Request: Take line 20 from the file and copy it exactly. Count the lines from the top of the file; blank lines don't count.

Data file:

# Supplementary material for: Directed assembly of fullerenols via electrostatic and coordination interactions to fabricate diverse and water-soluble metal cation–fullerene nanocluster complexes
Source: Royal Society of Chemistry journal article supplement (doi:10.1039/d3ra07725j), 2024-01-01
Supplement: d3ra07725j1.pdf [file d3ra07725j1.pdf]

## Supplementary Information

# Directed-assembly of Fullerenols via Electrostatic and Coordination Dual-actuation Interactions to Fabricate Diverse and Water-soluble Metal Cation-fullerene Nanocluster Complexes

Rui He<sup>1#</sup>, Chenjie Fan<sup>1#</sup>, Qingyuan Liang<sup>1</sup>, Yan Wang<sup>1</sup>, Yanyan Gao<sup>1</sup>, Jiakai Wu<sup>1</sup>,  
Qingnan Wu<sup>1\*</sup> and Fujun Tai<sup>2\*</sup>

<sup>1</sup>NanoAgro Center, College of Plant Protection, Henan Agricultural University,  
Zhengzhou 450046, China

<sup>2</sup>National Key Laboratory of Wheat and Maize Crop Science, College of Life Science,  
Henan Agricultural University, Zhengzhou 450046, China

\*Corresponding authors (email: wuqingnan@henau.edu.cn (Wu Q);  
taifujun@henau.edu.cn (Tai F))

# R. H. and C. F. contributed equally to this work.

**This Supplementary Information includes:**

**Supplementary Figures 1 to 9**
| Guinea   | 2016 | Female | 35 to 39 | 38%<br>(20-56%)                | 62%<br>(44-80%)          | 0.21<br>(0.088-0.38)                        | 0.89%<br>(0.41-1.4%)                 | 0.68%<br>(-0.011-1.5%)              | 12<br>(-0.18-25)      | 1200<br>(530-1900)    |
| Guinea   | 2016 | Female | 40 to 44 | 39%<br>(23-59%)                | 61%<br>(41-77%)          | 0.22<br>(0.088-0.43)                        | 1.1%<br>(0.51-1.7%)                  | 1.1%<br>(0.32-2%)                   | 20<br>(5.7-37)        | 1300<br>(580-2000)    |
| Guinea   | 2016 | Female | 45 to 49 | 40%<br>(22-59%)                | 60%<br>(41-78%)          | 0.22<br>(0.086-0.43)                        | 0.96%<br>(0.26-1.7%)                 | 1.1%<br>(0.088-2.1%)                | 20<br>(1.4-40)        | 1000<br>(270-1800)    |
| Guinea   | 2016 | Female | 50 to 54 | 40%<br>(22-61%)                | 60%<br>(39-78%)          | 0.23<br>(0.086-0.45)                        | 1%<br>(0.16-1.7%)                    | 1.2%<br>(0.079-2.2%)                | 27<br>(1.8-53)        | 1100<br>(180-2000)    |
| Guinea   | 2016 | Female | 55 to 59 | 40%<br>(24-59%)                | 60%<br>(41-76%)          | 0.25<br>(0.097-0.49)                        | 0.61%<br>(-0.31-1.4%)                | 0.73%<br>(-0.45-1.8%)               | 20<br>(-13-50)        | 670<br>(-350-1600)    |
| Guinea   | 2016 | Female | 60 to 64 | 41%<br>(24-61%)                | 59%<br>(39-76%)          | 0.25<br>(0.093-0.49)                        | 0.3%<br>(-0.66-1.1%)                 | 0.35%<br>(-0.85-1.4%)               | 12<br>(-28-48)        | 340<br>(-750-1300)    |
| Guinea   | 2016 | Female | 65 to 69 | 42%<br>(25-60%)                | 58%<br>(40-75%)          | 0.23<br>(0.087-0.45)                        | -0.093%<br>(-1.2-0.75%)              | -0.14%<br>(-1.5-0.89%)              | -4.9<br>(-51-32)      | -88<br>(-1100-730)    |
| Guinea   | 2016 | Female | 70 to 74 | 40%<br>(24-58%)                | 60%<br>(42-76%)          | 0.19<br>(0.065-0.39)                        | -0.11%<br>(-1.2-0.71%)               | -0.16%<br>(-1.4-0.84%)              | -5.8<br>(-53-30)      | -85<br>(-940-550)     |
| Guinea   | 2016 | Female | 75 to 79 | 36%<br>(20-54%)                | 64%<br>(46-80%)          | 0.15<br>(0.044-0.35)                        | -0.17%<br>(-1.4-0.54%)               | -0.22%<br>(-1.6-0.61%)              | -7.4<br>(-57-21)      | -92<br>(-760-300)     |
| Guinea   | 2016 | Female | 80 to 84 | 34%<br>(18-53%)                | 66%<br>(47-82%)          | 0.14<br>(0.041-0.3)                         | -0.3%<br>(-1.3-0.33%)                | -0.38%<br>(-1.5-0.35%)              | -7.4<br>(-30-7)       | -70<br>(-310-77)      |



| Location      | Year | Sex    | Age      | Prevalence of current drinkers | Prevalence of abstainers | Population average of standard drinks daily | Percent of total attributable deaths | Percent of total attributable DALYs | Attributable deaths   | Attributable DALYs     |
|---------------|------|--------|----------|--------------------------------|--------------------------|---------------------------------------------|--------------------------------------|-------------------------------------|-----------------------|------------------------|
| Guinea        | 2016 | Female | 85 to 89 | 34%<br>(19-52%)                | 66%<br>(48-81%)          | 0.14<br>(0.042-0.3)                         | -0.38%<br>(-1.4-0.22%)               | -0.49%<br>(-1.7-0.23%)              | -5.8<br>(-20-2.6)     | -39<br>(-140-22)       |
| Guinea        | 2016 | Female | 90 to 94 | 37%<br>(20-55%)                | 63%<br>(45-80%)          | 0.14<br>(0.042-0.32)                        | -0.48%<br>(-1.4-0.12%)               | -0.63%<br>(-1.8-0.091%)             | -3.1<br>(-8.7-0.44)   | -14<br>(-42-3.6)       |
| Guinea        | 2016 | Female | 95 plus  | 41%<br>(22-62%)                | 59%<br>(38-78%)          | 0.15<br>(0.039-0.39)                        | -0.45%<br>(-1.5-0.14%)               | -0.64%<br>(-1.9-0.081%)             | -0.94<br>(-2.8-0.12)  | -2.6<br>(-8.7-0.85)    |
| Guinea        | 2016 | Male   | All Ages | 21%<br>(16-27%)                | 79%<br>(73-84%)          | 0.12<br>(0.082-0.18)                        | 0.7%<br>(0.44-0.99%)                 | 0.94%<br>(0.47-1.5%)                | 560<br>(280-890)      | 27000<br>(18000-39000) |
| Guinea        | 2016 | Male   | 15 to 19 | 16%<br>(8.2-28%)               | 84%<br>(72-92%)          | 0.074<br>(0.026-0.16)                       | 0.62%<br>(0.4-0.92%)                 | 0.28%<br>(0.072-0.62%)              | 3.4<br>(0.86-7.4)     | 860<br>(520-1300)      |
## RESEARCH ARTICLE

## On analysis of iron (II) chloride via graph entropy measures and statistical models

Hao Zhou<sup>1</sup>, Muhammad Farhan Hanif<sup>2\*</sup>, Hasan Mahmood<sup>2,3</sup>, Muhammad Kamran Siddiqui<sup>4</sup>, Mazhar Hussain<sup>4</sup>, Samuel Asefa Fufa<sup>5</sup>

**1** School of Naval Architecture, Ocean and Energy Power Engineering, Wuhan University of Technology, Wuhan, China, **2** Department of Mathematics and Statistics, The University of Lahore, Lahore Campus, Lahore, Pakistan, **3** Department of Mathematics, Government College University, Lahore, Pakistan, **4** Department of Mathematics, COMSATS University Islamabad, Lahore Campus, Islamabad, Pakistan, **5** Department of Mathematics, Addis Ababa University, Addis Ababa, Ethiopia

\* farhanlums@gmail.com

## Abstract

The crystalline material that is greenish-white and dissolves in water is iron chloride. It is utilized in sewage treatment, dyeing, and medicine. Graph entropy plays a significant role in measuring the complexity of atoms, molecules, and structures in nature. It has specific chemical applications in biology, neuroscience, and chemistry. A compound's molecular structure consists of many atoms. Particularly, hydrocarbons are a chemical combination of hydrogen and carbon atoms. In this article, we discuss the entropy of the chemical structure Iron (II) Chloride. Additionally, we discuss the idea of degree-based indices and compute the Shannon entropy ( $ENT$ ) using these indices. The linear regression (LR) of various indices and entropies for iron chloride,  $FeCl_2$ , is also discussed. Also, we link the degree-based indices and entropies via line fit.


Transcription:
| Guinea   | 2016 | Female | 50 to 54 | 40%<br>(22-61%)                | 60%<br>(39-78%)          | 0.23<br>(0.086-0.45)                        | 1%<br>(0.16-1.7%)                    | 1.2%<br>(0.079-2.2%)                | 27<br>(1.8-53)        | 1100<br>(180-2000)    |